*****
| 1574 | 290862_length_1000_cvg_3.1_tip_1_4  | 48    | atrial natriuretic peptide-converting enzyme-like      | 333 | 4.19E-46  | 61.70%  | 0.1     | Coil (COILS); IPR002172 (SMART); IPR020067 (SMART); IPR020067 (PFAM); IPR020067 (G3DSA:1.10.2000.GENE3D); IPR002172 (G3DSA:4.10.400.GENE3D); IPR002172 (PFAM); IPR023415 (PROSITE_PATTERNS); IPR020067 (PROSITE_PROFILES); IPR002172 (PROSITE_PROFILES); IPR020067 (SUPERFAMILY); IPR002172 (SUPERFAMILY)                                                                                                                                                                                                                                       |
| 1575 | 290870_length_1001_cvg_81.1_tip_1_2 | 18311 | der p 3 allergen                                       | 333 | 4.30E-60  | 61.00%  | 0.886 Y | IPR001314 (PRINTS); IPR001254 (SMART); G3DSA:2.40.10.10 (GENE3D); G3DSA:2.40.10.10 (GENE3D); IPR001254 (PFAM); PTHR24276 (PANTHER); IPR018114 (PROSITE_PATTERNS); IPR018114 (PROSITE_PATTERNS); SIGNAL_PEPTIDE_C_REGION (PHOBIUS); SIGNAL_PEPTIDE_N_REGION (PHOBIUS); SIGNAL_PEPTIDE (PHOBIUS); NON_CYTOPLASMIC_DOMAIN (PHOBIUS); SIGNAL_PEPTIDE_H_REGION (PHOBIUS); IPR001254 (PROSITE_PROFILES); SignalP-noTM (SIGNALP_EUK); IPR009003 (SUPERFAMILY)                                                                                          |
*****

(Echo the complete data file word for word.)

| 1574 | 290862_length_1000_cvg_3.1_tip_1_4  | 48    | atrial natriuretic peptide-converting enzyme-like      | 333 | 4.19E-46  | 61.70%  | 0.1     | Coil (COILS); IPR002172 (SMART); IPR020067 (SMART); IPR020067 (PFAM); IPR020067 (G3DSA:1.10.2000.GENE3D); IPR002172 (G3DSA:4.10.400.GENE3D); IPR002172 (PFAM); IPR023415 (PROSITE_PATTERNS); IPR020067 (PROSITE_PROFILES); IPR002172 (PROSITE_PROFILES); IPR020067 (SUPERFAMILY); IPR002172 (SUPERFAMILY)                                                                                                                                                                                                                                       |
| 1575 | 290870_length_1001_cvg_81.1_tip_1_2 | 18311 | der p 3 allergen                                       | 333 | 4.30E-60  | 61.00%  | 0.886 Y | IPR001314 (PRINTS); IPR001254 (SMART); G3DSA:2.40.10.10 (GENE3D); G3DSA:2.40.10.10 (GENE3D); IPR001254 (PFAM); PTHR24276 (PANTHER); IPR018114 (PROSITE_PATTERNS); IPR018114 (PROSITE_PATTERNS); SIGNAL_PEPTIDE_C_REGION (PHOBIUS); SIGNAL_PEPTIDE_N_REGION (PHOBIUS); SIGNAL_PEPTIDE (PHOBIUS); NON_CYTOPLASMIC_DOMAIN (PHOBIUS); SIGNAL_PEPTIDE_H_REGION (PHOBIUS); IPR001254 (PROSITE_PROFILES); SignalP-noTM (SIGNALP_EUK); IPR009003 (SUPERFAMILY)                                                                                          |